One of the key reasons why public sector employment is widely sought after in Bangladesh is the security such jobs provide. Much like the other South Asian peers, the government of Bangladesh provides a defined benefit (DB)-based non-contributory pension scheme for its civil servants, funded through tax revenue.
The private sector employees who make up the majority of the workforce are only offered a gratuity during retirement – leaving them out of the provision of pension or provident fund schemes. Even though the government has been pondering over introducing a pension scheme for private sector employees since 2015, no such plans have been materialised till date.
This raises the question: will a retirement plan that requires the employee to set aside their income have a more favourable outcome?
Unlike a DB plan, a defined contribution (DC) plan requires the employees to contribute towards their retirement scheme, where the employers may or may not chip in a portion. Due to the rising costs of DB plans, most employers worldwide are downsizing or completely cutting down such schemes and moving towards DC plans. A glowing example of such a programme is the iconic 401 (k) plan of the United States. The 401 (k) is a retirement account plan offered by US employers to their employees. The amounts that the employees contribute to the accounts are often matched by the employers’ contribution, sometimes with the help of automated payroll softwares.
According to joint research by CPD and Oxfam in 2019, more than 40 per cent of the Bangladeshis aged above 65 years do not receive any pension schemes. With only 7.6 per cent of the aged population receiving government retirement pension and about 10 per cent receiving some form of gratuity from the private sector, the remaining majority of 39.9 per cent receive means-based old age allowance (OAA). Since these are mostly defined benefit plans, it is natural that they are not universally implemented in a lower-income country with a tax-GDP ratio of below 10 per cent and lax regulations.
It is believed that the ILO’s multi-pillar-based pension model could be used as a guiding tool to set up schemes in Bangladesh. The 1925 Provident Funds Act (PFA) is the guideline that the government follows for the current provident fund.
However, the PFA does not state anything for private sector employees who receive gratuity or provident funds from their office after retirement. In its research, the CPD suggested forming an autonomous pension office operating under the Ministry of Finance. Although the research organisation urged the execution of a Universal Pensions System, this will still be extremely crucial to regulate and develop an initial Pillar I pension system under the ILO classifications, making it a Bangladeshi version of the 401(k).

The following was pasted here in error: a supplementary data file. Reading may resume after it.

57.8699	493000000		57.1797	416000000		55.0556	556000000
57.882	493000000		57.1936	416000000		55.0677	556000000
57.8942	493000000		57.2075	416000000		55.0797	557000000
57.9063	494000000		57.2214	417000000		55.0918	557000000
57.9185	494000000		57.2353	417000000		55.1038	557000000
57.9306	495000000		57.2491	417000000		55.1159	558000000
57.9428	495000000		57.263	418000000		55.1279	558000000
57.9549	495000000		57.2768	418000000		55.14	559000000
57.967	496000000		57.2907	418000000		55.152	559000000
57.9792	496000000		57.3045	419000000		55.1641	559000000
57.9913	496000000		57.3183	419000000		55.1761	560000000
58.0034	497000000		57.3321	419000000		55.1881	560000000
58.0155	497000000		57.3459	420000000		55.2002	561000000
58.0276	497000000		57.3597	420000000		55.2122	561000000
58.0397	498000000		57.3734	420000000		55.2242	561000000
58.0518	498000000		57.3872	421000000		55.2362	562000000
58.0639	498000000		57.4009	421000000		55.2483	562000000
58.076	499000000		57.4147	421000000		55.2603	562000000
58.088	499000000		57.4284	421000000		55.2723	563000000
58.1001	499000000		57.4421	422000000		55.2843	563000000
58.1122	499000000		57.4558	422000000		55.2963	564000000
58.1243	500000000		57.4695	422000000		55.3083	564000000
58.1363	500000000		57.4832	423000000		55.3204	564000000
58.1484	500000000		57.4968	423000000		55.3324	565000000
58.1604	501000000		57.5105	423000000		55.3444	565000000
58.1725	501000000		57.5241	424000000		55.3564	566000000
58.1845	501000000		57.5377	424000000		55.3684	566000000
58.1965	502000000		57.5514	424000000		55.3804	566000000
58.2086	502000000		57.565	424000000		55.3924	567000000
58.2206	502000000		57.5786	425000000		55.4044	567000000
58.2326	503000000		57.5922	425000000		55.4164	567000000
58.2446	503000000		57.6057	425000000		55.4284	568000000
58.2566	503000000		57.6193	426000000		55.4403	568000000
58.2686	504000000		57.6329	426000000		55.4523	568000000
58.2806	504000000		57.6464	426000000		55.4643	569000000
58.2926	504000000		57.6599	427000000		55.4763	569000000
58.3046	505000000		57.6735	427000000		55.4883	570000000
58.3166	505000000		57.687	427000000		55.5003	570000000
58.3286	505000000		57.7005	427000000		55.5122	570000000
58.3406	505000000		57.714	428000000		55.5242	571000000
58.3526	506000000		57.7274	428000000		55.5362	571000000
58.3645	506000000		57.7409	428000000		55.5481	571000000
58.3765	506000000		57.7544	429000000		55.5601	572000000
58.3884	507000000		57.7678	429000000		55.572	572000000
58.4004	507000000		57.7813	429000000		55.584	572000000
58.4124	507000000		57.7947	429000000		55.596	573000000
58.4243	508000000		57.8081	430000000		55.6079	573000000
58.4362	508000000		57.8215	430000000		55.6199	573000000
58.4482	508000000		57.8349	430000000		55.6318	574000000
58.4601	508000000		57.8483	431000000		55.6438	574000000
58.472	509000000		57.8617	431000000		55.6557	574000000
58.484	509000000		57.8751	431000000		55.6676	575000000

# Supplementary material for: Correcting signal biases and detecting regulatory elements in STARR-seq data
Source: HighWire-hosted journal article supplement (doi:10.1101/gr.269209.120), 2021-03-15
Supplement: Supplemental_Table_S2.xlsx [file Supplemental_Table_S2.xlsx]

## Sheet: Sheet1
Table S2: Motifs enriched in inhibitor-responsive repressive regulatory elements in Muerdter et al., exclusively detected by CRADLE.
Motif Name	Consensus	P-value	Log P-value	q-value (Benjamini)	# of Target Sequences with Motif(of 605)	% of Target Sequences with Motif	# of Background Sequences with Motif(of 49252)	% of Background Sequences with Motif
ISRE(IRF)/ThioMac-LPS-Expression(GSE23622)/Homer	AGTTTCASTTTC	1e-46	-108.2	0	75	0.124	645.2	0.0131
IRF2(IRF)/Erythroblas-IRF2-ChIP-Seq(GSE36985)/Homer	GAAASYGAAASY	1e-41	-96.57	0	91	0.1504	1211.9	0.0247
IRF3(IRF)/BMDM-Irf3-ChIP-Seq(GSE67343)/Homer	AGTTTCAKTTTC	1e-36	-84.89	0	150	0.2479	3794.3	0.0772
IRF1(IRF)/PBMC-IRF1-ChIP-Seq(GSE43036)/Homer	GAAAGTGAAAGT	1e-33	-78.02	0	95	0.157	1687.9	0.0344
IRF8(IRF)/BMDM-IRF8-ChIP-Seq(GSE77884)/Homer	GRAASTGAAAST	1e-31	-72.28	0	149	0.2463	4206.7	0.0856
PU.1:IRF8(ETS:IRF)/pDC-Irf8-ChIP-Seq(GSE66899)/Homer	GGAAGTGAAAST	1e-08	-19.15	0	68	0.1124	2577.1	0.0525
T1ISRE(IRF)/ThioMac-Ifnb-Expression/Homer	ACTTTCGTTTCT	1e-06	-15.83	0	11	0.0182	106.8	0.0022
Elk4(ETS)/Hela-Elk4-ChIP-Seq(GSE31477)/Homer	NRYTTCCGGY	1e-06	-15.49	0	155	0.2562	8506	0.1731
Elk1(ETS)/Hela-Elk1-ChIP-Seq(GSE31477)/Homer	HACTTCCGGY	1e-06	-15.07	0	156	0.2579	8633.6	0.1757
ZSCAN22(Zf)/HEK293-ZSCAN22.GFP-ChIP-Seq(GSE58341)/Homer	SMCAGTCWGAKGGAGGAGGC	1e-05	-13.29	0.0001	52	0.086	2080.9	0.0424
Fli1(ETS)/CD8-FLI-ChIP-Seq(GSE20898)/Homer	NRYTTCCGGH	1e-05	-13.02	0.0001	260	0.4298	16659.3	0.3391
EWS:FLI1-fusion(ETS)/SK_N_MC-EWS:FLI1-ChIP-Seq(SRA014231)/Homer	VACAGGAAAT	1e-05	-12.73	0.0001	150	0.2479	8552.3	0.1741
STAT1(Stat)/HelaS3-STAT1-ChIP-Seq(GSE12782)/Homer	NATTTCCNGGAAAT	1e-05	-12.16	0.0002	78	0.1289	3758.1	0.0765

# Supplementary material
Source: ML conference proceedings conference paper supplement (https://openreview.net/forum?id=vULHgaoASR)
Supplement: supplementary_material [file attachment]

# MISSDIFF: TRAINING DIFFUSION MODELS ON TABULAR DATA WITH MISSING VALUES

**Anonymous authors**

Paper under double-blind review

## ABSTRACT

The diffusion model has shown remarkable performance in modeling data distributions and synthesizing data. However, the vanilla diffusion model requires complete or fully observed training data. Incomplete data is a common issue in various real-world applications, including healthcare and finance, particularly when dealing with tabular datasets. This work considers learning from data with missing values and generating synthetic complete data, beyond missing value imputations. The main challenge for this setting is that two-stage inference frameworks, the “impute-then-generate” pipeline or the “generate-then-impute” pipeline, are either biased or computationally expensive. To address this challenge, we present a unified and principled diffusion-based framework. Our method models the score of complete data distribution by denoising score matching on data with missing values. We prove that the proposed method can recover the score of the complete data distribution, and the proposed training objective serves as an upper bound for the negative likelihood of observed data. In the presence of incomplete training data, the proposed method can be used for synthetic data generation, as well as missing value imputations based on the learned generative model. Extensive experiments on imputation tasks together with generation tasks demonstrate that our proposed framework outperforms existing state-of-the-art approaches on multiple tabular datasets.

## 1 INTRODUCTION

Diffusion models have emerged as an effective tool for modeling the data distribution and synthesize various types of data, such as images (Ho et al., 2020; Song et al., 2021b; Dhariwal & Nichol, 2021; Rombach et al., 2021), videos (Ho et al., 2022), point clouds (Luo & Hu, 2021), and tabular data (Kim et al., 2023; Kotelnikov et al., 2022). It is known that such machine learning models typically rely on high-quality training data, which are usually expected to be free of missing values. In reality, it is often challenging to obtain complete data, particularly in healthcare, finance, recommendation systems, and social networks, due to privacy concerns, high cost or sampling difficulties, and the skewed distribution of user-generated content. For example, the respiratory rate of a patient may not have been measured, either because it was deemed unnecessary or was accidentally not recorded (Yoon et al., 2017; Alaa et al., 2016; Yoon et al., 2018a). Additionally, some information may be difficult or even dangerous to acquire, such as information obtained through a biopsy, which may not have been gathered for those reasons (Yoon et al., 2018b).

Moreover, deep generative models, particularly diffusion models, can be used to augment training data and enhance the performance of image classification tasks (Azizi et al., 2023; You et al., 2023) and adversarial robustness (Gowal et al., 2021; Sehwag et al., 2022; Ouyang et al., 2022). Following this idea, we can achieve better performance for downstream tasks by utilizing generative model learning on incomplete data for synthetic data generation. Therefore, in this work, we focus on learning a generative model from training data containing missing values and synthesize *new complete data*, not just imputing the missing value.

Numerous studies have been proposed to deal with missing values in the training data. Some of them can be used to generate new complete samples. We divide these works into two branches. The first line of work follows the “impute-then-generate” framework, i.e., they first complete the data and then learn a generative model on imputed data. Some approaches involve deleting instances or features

This pension system will not be inclusive of those in the informal sector, but this could still be a much important start in the right direction. The employees and employers could jointly contribute to a ‘Pay As You Go’ (PAYG) DC model with withdrawals that can be either tax-deferred or tax-exempt. To approve the tax deductions and incentives, coordination with the National Board of Revenue (NBR) will be essential under Income Tax Ordinance 1995.
The major problem, however, lies in investing the contributions in this scheme. Bangladesh is yet to have an established market for trading in bonds, severely constricting the areas where the employees' paychecks can be invested. The Bangladesh economy is still heavily dependent on the banking sector, which is riddled with its own afflictions of non-performing loans and corruption.
Moreover, the demand for mutual funds (MF) is severely weak in Bangladesh, with the MF-GDP ratio standing at a mere 0.53 per cent, which is the lowest among emerging economies. Media reports show, investors lack confidence in mutual funds due to fund managers' lack of transparency and accountability and so fund managers fail to liquidate funds within deadlines.
Besides, 401(k) funds are often not accepted by many American Muslims. This is a problem that could have been solved by expanding the Islamic financing market. The government of Bangladesh had been mulling over introduction of Sukuk (Islamic bonds), which will be a big step forward in this direction.
Bangladesh still has a long way to go to inaugurate a retirement scheme reminiscent of the archetypal 401(k). Creation of an autonomous office to oversee this along with inter-departmental coordination will be crucial to ensure success of such a plan. The government must take initiatives to diversify the financial sector towards bonds and mutual funds, moving away from immense dependency merely on the banking sector.
Chowdhury Nabila Tasnim is a sophomore at the University of Dhaka.